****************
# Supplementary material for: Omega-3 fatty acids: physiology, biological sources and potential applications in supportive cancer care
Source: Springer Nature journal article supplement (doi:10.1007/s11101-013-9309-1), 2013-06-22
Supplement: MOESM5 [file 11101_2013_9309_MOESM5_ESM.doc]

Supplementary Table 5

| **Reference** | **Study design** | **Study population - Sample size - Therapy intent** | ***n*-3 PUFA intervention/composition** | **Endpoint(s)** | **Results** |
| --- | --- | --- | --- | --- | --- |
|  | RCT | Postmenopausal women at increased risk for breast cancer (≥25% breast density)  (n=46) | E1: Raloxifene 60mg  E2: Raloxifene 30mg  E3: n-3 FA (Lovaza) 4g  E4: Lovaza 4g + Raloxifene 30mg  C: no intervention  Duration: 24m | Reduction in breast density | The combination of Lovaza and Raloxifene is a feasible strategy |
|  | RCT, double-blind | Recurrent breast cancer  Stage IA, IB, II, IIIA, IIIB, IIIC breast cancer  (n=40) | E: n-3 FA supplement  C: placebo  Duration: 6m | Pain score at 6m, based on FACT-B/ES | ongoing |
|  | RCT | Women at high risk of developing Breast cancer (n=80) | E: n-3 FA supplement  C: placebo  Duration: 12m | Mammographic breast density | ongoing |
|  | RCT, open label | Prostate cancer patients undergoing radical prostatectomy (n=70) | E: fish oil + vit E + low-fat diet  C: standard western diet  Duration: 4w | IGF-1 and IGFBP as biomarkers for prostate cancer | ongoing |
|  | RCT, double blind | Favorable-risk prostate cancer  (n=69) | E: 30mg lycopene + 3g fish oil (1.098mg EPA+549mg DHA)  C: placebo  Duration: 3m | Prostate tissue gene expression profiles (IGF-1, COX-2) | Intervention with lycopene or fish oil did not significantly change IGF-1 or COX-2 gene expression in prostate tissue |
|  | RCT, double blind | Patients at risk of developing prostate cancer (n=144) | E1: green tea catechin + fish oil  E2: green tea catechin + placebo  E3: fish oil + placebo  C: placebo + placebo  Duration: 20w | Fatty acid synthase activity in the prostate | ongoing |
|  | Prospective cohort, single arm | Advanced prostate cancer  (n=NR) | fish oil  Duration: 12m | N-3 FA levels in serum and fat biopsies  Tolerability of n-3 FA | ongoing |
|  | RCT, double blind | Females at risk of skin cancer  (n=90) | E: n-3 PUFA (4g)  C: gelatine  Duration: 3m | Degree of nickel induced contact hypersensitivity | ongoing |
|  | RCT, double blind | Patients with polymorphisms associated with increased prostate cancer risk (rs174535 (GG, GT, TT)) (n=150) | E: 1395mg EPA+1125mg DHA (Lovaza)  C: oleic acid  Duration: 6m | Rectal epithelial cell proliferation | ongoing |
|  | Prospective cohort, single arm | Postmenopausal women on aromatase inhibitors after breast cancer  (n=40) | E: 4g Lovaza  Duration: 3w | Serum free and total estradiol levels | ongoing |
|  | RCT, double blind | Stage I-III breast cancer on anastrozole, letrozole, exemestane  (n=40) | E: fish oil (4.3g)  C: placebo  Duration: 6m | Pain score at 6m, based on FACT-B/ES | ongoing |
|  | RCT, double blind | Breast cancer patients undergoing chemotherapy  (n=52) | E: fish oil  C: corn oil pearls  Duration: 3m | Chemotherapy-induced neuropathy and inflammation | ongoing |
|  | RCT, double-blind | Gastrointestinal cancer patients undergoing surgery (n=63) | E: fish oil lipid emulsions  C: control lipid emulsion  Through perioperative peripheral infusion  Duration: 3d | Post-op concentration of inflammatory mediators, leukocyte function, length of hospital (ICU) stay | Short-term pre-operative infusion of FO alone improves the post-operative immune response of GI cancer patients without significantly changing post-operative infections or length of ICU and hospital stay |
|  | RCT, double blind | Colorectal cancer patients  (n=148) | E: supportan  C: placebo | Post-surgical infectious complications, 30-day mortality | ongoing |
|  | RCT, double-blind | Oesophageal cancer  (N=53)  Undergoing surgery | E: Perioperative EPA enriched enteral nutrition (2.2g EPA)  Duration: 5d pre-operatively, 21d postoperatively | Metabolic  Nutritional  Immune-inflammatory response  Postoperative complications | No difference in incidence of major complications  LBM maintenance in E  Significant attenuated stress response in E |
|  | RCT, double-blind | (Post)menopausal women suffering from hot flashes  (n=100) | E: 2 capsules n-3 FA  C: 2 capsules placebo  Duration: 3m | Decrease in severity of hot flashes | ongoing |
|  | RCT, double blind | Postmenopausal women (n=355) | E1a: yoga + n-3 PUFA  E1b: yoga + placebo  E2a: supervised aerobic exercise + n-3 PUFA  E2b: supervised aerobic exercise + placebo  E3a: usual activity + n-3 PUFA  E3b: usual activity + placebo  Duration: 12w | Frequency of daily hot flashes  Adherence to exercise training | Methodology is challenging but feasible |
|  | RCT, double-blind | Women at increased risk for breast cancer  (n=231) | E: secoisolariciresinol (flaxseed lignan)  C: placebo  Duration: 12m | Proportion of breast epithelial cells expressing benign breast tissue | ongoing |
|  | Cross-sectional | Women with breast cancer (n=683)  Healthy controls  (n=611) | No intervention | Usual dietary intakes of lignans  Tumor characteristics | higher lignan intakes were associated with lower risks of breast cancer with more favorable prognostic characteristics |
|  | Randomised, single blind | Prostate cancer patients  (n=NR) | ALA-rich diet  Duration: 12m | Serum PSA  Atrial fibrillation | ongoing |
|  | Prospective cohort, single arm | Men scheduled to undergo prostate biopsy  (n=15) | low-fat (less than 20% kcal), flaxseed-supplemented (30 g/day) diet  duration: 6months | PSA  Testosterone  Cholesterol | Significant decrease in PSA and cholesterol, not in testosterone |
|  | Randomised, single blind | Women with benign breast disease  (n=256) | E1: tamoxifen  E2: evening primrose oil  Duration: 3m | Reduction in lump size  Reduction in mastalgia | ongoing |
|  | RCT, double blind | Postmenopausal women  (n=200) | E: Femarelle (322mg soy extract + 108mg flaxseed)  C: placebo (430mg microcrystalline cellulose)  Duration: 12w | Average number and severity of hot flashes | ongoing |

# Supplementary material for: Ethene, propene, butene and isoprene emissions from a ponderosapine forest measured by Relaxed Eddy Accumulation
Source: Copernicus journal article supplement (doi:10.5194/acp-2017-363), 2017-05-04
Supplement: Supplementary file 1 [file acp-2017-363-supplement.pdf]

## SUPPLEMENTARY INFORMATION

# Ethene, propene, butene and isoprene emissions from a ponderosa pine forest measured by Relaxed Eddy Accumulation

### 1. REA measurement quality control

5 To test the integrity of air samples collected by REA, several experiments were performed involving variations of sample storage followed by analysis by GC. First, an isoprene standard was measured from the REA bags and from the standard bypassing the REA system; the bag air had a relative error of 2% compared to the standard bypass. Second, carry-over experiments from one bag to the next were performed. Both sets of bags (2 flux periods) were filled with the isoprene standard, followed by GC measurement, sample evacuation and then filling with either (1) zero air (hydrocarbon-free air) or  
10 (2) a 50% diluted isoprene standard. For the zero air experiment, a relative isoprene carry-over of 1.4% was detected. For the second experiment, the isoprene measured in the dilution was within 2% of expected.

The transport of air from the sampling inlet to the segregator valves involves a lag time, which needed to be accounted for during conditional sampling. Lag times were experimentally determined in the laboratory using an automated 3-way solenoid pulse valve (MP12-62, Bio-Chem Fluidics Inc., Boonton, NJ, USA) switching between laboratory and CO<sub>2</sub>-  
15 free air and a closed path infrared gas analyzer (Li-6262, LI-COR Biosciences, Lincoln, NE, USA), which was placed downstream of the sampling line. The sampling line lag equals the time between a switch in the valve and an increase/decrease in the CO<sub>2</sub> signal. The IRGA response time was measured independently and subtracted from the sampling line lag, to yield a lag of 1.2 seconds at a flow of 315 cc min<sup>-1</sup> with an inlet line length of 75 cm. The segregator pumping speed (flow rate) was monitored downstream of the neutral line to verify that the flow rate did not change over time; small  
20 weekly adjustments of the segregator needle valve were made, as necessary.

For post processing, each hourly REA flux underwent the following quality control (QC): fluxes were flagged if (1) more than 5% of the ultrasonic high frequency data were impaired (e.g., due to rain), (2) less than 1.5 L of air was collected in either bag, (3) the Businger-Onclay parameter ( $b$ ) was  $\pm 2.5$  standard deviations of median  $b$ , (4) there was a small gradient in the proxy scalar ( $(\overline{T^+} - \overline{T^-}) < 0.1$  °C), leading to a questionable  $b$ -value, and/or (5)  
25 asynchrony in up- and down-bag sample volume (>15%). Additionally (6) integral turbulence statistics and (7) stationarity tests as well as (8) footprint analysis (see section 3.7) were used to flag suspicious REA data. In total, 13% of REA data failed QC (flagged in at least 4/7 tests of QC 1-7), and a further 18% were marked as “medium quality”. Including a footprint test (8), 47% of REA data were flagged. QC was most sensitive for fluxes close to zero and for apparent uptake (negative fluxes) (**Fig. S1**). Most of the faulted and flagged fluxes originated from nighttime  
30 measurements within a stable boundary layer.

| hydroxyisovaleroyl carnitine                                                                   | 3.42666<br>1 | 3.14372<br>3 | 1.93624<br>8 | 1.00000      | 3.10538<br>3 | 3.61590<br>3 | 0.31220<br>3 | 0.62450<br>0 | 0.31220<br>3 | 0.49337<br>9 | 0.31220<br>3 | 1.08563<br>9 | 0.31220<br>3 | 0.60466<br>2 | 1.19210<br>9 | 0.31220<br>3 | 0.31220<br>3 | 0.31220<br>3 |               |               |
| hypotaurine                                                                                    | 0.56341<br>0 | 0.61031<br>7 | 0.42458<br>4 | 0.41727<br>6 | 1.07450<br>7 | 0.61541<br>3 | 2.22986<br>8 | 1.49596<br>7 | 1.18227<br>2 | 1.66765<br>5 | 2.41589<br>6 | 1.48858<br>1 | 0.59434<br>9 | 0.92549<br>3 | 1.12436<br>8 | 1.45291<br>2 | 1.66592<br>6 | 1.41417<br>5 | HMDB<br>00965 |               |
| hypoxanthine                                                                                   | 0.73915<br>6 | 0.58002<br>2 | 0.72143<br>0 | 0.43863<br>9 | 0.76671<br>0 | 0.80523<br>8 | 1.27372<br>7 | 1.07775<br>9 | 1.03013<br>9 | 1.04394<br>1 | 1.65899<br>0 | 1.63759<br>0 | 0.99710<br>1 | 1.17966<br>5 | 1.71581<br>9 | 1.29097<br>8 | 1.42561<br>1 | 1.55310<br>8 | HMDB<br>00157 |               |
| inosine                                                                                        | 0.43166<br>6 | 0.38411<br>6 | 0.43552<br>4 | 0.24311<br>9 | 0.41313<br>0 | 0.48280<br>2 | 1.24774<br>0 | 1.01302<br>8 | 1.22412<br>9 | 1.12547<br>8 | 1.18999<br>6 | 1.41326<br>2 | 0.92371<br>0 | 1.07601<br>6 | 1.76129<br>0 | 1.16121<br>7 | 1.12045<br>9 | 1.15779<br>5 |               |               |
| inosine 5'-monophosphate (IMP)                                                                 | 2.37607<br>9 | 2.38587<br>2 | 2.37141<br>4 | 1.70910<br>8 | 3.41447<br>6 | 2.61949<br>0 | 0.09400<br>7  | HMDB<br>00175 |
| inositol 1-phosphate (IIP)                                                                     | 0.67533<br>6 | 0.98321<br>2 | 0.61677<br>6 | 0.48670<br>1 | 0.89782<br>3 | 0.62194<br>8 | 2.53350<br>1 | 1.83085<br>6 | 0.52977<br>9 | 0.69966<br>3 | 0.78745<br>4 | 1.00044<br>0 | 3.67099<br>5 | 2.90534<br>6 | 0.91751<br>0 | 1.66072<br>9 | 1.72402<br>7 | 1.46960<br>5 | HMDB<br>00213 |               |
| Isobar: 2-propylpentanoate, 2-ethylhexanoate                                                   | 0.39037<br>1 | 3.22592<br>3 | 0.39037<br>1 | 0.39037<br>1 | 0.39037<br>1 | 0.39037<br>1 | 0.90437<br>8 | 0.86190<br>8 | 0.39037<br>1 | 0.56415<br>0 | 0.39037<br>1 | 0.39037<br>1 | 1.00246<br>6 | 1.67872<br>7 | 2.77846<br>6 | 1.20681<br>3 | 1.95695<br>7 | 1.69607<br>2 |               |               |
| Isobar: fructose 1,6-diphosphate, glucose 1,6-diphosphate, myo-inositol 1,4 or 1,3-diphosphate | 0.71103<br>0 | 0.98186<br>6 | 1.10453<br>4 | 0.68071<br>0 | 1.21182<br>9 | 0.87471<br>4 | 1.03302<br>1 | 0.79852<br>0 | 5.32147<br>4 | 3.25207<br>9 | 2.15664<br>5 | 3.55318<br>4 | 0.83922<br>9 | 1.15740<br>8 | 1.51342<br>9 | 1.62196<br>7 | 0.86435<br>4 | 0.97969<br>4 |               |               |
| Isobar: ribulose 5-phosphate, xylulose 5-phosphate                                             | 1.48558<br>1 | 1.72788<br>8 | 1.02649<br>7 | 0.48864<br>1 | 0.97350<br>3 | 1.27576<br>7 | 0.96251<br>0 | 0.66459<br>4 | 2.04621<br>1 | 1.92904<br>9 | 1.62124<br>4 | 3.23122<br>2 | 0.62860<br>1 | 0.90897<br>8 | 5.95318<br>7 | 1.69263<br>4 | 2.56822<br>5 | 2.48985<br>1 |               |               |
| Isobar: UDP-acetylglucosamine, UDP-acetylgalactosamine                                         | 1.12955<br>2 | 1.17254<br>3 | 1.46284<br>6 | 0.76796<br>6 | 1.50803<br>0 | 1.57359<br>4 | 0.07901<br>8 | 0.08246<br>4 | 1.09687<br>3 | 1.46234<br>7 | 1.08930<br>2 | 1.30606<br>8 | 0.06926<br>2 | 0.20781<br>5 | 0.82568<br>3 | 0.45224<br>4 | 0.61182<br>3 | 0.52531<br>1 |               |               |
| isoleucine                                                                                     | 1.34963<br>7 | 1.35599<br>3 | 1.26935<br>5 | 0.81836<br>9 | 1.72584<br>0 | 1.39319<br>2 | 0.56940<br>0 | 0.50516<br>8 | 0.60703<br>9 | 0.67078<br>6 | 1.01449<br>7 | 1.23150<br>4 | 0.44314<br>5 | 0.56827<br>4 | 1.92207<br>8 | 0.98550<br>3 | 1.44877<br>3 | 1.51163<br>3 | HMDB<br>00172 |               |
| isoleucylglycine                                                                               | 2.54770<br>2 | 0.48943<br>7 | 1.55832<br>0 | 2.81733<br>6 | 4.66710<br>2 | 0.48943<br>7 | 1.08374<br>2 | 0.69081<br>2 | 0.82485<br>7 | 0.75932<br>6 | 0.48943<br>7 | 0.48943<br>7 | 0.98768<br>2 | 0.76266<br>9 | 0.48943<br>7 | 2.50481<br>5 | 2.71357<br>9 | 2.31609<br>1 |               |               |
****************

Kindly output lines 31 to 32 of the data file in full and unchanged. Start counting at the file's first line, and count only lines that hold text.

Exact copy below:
Source: Copernicus journal article supplement (doi:10.5194/acp-2017-363), 2017-05-04
Supplement: Supplementary file 1 [file acp-2017-363-supplement.pdf]